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Chapter 8

SOC 2280 Chapter Notes - Chapter 8: North American Free Trade Agreement, Subsidy, Gross Domestic Product

Course Code
SOC 2280
Mark Juhasz

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Chapter 8 Transforming Structures: Markets, Politics and Policy
The chapter opens with two Case Studies
1 – Curitiba, Brazil- in 1973, mayor Jamie Lerner paid people for their
garbage. She also gave tokens in exchange for food, in order to clean up the
slums (known as favelas)
2 – Southern Mexico – Zapatista National Liberation (rebels) vs the
The ‘rain forest rebels’ wanted to save what remained of the rain forest in
southern Mexico. They declared war in 1994, while the government had just
signed the North American Free Trade Agreement (NAFTA). No real reforms
were made.
Both deal with Structural Change.
-humans have needs and those needs are provided by the earth’s
-investors, producers, sellers and buyers are all a part of the economic
-ex of a market : old times & less developed countries are prime ex of
small markets; the competition is right next door and clearly visible,
easy to compare product quickly, prices can be haggled
-Now; not traditional but abstractions to represent the interaction
among the costs of production, the asking price and the price
consumers are willing to pay for goods and services
-Real economic values (prices) are determined by the interplay of
supply and demand

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-Markets send realistic signals : you see the actual economic value of
goods and services, and the work put in with the prices people are
willing to pay
-Neoclassical economic theory views markets as primarily as structures
to allocate values, it emphasizes that many human problems can be
understood as market problems and failures
-Resources are limited - you get what you pay for and you lose what
you don’t pay for.
-Neoclassical economic theory is embedded in an intellectual Resource
Allocation Paradigm of the human world.
It argues that producers and consumers respond to changing
relative incomes, prices, and external constraints SO if market
signals are allowed to reach individuals and market prices include all
the social costs and benefits of individual actions
Market Failures
-Some reasons why markets don’t always work is because not all
resources are owned or used in the same manner
3categories :
1 – private property resources (owned and used by individuals),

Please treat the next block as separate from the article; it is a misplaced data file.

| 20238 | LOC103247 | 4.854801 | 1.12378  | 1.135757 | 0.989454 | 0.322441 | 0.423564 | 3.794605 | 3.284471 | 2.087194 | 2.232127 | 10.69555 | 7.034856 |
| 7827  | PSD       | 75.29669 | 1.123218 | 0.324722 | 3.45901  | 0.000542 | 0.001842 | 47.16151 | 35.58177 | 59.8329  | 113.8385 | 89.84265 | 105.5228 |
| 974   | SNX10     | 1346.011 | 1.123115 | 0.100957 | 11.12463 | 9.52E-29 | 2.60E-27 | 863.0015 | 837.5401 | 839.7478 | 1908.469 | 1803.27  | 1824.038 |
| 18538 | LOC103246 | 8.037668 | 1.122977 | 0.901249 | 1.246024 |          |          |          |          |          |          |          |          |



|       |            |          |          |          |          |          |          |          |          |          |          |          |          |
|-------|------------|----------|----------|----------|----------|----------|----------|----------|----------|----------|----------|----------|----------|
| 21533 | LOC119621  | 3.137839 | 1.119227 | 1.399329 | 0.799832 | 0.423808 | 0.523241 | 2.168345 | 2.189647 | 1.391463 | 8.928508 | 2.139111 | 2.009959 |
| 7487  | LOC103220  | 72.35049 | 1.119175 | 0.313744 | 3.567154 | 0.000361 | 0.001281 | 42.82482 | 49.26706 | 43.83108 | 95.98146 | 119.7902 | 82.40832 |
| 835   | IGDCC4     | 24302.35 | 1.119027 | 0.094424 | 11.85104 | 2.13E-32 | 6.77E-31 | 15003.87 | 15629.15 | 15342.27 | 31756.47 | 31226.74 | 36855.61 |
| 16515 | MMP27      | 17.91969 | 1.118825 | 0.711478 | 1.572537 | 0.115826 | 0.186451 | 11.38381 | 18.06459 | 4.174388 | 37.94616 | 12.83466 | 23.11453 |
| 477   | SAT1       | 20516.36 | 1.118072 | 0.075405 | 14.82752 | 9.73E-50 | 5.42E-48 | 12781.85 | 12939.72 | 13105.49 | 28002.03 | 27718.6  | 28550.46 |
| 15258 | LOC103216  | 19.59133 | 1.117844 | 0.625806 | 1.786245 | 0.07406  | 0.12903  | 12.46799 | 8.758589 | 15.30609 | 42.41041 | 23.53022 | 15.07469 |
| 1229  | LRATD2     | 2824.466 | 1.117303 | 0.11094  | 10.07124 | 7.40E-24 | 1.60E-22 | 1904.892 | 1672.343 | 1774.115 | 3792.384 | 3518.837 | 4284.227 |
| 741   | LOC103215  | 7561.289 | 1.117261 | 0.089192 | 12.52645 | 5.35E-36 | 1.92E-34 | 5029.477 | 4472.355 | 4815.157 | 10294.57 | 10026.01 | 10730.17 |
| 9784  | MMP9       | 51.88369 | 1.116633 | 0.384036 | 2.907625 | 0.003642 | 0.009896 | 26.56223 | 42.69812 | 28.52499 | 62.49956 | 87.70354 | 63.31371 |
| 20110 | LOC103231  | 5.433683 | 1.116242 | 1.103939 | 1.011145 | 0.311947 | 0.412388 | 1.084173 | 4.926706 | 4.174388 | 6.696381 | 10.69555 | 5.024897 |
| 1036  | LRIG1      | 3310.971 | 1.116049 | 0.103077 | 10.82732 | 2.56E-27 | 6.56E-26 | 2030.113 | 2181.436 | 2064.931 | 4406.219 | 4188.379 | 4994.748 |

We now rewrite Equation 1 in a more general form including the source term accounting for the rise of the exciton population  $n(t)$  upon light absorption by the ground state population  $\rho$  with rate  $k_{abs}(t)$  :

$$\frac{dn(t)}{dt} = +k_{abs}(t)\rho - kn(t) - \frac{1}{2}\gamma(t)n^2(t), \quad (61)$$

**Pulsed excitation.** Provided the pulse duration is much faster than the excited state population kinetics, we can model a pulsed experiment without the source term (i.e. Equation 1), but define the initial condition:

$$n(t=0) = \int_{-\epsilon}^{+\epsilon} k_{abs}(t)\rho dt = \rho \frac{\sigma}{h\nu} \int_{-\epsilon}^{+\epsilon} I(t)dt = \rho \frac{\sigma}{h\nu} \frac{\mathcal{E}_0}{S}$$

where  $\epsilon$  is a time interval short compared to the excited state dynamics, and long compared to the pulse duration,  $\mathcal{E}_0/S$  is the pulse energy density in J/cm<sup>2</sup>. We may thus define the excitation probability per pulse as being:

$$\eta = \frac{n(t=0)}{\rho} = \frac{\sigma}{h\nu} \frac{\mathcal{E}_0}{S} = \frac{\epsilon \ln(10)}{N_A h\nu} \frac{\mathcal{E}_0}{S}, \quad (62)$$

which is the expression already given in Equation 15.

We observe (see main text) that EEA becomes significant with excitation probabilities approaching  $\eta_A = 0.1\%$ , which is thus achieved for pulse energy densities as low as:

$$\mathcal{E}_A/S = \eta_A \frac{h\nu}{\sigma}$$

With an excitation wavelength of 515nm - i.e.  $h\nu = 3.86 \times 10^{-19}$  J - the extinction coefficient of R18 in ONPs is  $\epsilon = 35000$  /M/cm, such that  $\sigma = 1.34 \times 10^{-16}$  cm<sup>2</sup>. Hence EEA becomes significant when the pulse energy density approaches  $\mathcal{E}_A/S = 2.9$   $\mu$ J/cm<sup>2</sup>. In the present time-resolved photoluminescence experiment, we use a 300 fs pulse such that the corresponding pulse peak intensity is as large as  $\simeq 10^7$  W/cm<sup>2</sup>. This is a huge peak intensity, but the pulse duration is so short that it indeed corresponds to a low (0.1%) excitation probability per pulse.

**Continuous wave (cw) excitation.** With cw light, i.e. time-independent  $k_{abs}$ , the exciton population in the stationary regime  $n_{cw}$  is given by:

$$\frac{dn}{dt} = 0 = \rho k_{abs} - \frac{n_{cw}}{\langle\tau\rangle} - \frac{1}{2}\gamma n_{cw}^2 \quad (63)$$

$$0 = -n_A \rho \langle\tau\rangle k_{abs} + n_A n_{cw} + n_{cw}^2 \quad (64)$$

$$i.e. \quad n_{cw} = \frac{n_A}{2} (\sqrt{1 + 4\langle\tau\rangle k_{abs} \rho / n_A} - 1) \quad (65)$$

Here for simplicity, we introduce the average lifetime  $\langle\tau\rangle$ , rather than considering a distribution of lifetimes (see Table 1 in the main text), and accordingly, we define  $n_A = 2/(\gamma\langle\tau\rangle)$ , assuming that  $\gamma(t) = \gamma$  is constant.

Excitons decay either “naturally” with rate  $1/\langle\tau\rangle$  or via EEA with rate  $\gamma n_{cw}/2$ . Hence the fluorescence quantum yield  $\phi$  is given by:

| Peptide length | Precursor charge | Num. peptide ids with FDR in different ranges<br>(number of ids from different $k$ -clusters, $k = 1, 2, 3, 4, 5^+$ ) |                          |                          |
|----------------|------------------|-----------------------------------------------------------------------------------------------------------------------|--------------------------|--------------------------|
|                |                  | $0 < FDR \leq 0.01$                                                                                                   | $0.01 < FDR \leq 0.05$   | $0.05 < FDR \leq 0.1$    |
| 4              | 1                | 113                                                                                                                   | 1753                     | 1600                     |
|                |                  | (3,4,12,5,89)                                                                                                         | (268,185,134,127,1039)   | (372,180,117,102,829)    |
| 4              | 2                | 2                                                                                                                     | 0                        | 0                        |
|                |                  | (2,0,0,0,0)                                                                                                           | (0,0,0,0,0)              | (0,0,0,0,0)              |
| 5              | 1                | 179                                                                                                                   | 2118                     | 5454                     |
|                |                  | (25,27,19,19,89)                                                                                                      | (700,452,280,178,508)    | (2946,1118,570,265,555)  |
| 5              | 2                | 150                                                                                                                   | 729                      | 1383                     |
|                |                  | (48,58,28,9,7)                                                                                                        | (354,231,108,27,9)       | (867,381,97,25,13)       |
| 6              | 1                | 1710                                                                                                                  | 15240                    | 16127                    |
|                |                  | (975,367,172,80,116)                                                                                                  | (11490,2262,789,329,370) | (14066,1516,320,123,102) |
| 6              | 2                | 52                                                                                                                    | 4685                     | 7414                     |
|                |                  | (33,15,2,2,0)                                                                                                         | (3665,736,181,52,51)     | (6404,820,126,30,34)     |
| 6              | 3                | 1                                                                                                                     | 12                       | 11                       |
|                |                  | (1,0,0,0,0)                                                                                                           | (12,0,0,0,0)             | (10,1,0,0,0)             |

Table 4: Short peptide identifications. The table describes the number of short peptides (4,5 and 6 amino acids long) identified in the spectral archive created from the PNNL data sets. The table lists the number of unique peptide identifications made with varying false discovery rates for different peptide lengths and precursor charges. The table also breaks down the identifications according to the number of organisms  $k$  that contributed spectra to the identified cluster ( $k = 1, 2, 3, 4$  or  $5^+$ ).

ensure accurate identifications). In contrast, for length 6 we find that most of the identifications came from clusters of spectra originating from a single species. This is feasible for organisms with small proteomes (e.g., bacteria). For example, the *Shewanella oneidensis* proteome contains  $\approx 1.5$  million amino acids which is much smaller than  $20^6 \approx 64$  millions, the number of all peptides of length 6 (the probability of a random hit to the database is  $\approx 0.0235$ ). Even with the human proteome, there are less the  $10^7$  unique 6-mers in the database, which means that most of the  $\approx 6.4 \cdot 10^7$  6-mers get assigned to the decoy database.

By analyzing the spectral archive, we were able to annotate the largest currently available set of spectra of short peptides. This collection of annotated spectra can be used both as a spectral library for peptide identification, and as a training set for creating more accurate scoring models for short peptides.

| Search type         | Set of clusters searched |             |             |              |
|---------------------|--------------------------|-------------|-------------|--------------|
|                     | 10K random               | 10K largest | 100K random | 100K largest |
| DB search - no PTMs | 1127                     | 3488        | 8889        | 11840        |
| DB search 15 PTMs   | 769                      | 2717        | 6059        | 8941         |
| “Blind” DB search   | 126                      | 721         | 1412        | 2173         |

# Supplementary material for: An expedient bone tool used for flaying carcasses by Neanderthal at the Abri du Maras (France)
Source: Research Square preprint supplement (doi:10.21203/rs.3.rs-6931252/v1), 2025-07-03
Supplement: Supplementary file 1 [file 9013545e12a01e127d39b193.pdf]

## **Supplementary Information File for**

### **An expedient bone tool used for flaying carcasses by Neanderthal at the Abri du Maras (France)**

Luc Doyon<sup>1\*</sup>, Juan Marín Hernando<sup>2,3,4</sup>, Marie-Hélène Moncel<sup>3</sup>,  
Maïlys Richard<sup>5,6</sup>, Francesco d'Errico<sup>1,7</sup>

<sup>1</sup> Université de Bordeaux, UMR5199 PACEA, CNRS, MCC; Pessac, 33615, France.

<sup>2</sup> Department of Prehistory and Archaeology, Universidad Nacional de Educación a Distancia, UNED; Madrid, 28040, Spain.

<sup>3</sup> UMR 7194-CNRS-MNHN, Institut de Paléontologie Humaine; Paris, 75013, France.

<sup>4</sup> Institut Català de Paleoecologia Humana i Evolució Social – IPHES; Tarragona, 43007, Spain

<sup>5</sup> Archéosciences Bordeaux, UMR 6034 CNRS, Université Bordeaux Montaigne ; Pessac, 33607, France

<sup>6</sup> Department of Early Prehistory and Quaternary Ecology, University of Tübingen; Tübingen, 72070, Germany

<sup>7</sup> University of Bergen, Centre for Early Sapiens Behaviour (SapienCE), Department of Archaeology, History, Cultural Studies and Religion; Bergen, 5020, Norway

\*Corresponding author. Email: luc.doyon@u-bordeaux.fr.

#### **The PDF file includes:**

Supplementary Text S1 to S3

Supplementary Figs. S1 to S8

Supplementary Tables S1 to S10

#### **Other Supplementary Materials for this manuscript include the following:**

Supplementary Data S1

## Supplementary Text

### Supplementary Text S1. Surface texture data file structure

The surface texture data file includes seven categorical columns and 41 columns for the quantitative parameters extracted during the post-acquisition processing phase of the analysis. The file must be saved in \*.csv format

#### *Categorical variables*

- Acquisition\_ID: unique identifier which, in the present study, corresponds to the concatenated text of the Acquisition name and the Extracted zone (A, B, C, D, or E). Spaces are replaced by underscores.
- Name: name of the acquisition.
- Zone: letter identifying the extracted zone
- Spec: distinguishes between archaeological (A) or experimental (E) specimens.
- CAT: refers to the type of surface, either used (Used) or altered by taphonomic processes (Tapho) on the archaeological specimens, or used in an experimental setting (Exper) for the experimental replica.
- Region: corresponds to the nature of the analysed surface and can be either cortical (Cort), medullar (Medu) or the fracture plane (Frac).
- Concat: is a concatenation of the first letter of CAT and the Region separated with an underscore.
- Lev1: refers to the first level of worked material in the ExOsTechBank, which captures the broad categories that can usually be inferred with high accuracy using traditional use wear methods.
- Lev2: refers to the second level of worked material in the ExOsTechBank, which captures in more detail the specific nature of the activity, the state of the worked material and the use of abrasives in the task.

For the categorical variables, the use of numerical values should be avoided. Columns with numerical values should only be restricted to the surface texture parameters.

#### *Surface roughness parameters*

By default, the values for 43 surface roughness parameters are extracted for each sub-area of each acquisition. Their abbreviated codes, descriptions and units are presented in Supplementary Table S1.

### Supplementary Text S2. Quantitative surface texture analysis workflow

> eye to long term sustainability
> ex : clothing and cars
2 – common property resources(people have virtually free and
unrestricted access)
> not owned by individuals

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> few incentives exist to manage or pay for upkeep because of few
existing incentives for managing them
> common-property resources : air, water, biological resources
3 – public- property resources
> jointly owned by all people of a country, state or local community
> ex : national and state forests, beaches, parks, and rangelands
- Social institutions can also be understood as resources restricted from
private ownership
- Air and rivers have been polluted, fishing grounds depleted and water is
down and because they are all controlled by the government, rights of
access to timber, minerals, grazing land, and energy resources are often
priced far below what they would be if they were all treated as private
property resources
- no real economic reason to preserve them
More problems …
- Externalities are another problem
Externalities : someone pays the full cost of production and consumption but
they are not calculated into existing marketing price. Individuals are not
involved in buying or selling a good may be affected.
- Externalities may be a tax on you or others (in the future)
- Governments often impede the market by providing price regulations or
creating a sort of quasicommons (public-property resource) from what
COULD be privately owned.
- Those favours can lead excessive, uneconomic and environmentally
destructive production
- Cost Accounting problems exist.
- The accounting problem is intense when there is a dilemma of consuming
something now and saving for the future
- Neoclassical economist usually discount the future and that consuming now
is of greater economic value
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